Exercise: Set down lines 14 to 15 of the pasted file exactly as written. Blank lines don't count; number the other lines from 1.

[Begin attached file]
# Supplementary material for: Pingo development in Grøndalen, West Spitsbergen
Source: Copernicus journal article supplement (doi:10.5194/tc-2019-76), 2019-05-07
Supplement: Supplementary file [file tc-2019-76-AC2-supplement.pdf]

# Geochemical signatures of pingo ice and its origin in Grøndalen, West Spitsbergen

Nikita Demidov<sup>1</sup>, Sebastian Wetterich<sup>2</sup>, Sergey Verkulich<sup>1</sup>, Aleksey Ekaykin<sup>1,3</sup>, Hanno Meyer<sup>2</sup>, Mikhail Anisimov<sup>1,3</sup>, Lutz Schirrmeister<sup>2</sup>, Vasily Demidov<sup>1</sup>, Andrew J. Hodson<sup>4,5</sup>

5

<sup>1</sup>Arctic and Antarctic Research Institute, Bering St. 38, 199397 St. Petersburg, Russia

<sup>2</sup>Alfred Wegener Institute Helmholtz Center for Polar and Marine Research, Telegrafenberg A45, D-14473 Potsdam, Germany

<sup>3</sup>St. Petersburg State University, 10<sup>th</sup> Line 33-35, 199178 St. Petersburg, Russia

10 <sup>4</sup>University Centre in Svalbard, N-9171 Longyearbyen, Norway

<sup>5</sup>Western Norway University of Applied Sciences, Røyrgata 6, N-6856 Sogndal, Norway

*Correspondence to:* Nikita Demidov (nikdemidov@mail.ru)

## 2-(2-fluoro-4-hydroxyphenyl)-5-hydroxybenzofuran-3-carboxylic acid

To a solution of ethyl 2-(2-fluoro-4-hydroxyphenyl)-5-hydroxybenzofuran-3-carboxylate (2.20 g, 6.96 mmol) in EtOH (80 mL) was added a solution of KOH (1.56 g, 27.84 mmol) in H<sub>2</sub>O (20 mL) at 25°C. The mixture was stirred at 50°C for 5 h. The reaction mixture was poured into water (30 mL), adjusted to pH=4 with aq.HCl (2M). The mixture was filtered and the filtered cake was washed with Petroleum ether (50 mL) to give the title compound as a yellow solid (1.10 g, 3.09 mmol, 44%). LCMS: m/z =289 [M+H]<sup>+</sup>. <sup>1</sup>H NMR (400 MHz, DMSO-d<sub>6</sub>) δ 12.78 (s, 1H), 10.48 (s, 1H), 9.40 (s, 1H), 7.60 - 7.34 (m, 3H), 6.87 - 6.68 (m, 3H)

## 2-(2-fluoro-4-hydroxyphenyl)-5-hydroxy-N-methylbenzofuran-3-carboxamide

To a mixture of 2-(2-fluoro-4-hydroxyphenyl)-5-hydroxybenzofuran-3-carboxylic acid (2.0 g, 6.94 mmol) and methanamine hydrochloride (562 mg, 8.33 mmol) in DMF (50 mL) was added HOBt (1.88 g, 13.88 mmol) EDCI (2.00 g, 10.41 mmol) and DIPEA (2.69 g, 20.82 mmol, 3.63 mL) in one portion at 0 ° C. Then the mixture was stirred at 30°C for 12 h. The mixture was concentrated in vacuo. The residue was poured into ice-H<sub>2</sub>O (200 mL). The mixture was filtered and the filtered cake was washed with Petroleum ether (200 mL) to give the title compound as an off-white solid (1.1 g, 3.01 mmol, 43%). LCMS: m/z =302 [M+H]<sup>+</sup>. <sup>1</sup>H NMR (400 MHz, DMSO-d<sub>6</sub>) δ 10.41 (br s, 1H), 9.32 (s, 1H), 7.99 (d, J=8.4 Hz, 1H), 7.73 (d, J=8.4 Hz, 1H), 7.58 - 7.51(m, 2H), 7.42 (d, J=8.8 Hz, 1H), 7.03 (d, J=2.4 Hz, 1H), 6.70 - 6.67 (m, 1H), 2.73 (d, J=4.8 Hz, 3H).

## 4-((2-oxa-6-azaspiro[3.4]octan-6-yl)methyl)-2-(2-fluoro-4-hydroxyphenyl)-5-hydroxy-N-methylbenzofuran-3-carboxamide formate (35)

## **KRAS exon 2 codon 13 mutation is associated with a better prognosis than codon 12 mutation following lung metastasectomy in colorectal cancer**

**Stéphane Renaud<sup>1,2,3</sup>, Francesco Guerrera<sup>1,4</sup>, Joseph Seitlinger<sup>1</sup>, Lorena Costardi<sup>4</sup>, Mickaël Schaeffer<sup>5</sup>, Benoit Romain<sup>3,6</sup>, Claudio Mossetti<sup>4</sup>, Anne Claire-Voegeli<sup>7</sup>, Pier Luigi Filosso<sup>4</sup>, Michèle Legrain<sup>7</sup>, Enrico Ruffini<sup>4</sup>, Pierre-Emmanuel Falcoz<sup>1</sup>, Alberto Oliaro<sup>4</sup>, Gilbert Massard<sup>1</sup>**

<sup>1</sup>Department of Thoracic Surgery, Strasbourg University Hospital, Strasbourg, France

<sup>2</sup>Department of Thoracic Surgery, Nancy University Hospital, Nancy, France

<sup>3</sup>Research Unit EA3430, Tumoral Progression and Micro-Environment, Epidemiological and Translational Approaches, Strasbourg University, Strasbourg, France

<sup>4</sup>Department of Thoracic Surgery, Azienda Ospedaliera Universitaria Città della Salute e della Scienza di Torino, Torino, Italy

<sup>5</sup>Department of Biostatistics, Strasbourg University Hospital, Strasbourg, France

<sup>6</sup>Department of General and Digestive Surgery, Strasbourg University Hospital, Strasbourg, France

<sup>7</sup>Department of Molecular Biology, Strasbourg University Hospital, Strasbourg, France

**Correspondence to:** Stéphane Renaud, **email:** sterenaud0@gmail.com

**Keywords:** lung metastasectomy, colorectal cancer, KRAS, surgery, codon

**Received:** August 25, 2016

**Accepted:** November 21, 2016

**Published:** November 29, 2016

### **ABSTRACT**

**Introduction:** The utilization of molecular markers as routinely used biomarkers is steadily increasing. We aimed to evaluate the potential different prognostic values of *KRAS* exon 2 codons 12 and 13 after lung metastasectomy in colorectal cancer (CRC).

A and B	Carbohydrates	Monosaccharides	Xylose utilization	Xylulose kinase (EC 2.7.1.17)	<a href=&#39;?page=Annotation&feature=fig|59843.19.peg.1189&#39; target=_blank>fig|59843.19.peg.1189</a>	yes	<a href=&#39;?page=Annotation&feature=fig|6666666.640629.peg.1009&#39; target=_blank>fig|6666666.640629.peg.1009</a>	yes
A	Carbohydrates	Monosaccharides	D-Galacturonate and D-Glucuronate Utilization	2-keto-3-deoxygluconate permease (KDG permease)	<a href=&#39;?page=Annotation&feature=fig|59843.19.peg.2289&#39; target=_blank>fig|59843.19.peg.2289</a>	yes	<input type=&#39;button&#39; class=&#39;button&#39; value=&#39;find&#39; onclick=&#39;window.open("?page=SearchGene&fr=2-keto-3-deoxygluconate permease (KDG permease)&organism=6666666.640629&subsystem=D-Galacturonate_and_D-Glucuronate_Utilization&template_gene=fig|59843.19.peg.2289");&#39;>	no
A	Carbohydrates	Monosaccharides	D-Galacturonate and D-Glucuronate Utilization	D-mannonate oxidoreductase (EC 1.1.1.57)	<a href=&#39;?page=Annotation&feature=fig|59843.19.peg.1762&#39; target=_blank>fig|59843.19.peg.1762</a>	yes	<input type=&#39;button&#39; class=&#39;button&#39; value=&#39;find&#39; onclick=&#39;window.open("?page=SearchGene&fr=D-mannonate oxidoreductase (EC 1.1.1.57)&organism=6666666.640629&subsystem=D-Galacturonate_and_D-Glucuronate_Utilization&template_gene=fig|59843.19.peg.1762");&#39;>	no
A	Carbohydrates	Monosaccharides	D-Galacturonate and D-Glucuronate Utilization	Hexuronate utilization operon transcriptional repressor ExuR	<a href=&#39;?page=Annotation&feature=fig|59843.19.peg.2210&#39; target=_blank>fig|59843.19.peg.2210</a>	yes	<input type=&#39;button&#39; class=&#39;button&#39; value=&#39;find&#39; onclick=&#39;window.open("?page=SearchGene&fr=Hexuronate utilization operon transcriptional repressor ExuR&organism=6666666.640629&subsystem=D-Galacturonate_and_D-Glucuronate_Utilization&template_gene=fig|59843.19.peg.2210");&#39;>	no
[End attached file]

To a solution of ethyl 2-(2-fluoro-4-hydroxyphenyl)-5-hydroxybenzofuran-3-carboxylate (2.20 g, 6.96 mmol) in EtOH (80 mL) was added a solution of KOH (1.56 g, 27.84 mmol) in H<sub>2</sub>O (20 mL) at 25°C. The mixture was stirred at 50°C for 5 h. The reaction mixture was poured into water (30 mL), adjusted to pH=4 with aq.HCl (2M). The mixture was filtered and the filtered cake was washed with Petroleum ether (50 mL) to give the title compound as a yellow solid (1.10 g, 3.09 mmol, 44%). LCMS: m/z =289 [M+H]<sup>+</sup>. <sup>1</sup>H NMR (400 MHz, DMSO-d<sub>6</sub>) δ 12.78 (s, 1H), 10.48 (s, 1H), 9.40 (s, 1H), 7.60 - 7.34 (m, 3H), 6.87 - 6.68 (m, 3H)

## 2-(2-fluoro-4-hydroxyphenyl)-5-hydroxy-N-methylbenzofuran-3-carboxamide